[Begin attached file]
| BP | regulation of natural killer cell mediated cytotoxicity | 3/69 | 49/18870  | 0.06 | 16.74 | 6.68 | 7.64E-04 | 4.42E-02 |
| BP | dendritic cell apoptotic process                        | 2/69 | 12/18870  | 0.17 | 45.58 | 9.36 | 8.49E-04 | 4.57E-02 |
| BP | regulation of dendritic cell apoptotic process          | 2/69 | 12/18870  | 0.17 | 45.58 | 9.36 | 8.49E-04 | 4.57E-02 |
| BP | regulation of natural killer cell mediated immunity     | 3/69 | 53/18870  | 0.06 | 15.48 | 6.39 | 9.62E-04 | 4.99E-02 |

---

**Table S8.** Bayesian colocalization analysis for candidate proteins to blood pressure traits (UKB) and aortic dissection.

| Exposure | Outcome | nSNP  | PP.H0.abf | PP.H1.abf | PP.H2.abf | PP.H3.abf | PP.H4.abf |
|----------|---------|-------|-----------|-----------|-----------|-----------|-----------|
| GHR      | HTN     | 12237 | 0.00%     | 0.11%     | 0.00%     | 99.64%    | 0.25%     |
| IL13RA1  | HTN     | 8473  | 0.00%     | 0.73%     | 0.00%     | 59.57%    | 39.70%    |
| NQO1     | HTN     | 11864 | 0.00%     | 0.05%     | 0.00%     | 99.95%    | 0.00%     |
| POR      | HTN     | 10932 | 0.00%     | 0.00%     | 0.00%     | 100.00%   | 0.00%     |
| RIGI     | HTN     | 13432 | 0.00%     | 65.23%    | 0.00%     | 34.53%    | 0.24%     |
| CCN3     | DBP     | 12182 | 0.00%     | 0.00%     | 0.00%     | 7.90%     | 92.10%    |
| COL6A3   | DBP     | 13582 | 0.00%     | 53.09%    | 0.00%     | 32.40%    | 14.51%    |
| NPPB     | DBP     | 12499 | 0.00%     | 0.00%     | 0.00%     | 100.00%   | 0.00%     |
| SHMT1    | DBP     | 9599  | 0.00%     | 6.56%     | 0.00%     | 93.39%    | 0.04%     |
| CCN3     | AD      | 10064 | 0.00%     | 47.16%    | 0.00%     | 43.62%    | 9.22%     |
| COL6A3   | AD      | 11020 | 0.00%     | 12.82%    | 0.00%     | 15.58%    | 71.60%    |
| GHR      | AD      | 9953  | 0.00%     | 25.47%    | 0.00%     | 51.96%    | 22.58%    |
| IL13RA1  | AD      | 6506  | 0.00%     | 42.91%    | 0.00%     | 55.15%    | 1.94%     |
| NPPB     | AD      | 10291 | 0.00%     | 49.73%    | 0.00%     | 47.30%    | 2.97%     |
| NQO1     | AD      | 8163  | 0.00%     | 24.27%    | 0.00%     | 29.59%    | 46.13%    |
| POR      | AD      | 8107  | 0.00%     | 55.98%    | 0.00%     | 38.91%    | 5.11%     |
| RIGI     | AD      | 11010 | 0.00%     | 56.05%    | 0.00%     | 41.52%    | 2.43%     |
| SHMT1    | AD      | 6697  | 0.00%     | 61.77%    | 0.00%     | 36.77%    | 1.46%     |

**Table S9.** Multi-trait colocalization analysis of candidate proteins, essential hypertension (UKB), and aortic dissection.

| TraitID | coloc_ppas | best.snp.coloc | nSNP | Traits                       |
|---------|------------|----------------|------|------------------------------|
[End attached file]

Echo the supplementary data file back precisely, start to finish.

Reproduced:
| BP | regulation of natural killer cell mediated cytotoxicity | 3/69 | 49/18870  | 0.06 | 16.74 | 6.68 | 7.64E-04 | 4.42E-02 |
| BP | dendritic cell apoptotic process                        | 2/69 | 12/18870  | 0.17 | 45.58 | 9.36 | 8.49E-04 | 4.57E-02 |
| BP | regulation of dendritic cell apoptotic process          | 2/69 | 12/18870  | 0.17 | 45.58 | 9.36 | 8.49E-04 | 4.57E-02 |
| BP | regulation of natural killer cell mediated immunity     | 3/69 | 53/18870  | 0.06 | 15.48 | 6.39 | 9.62E-04 | 4.99E-02 |

---

**Table S8.** Bayesian colocalization analysis for candidate proteins to blood pressure traits (UKB) and aortic dissection.

| Exposure | Outcome | nSNP  | PP.H0.abf | PP.H1.abf | PP.H2.abf | PP.H3.abf | PP.H4.abf |
|----------|---------|-------|-----------|-----------|-----------|-----------|-----------|
| GHR      | HTN     | 12237 | 0.00%     | 0.11%     | 0.00%     | 99.64%    | 0.25%     |
| IL13RA1  | HTN     | 8473  | 0.00%     | 0.73%     | 0.00%     | 59.57%    | 39.70%    |
| NQO1     | HTN     | 11864 | 0.00%     | 0.05%     | 0.00%     | 99.95%    | 0.00%     |
| POR      | HTN     | 10932 | 0.00%     | 0.00%     | 0.00%     | 100.00%   | 0.00%     |
| RIGI     | HTN     | 13432 | 0.00%     | 65.23%    | 0.00%     | 34.53%    | 0.24%     |
| CCN3     | DBP     | 12182 | 0.00%     | 0.00%     | 0.00%     | 7.90%     | 92.10%    |
| COL6A3   | DBP     | 13582 | 0.00%     | 53.09%    | 0.00%     | 32.40%    | 14.51%    |
| NPPB     | DBP     | 12499 | 0.00%     | 0.00%     | 0.00%     | 100.00%   | 0.00%     |
| SHMT1    | DBP     | 9599  | 0.00%     | 6.56%     | 0.00%     | 93.39%    | 0.04%     |
| CCN3     | AD      | 10064 | 0.00%     | 47.16%    | 0.00%     | 43.62%    | 9.22%     |
| COL6A3   | AD      | 11020 | 0.00%     | 12.82%    | 0.00%     | 15.58%    | 71.60%    |
| GHR      | AD      | 9953  | 0.00%     | 25.47%    | 0.00%     | 51.96%    | 22.58%    |
| IL13RA1  | AD      | 6506  | 0.00%     | 42.91%    | 0.00%     | 55.15%    | 1.94%     |
| NPPB     | AD      | 10291 | 0.00%     | 49.73%    | 0.00%     | 47.30%    | 2.97%     |
| NQO1     | AD      | 8163  | 0.00%     | 24.27%    | 0.00%     | 29.59%    | 46.13%    |
| POR      | AD      | 8107  | 0.00%     | 55.98%    | 0.00%     | 38.91%    | 5.11%     |
| RIGI     | AD      | 11010 | 0.00%     | 56.05%    | 0.00%     | 41.52%    | 2.43%     |
| SHMT1    | AD      | 6697  | 0.00%     | 61.77%    | 0.00%     | 36.77%    | 1.46%     |

**Table S9.** Multi-trait colocalization analysis of candidate proteins, essential hypertension (UKB), and aortic dissection.

| TraitID | coloc_ppas | best.snp.coloc | nSNP | Traits                       |
|---------|------------|----------------|------|------------------------------|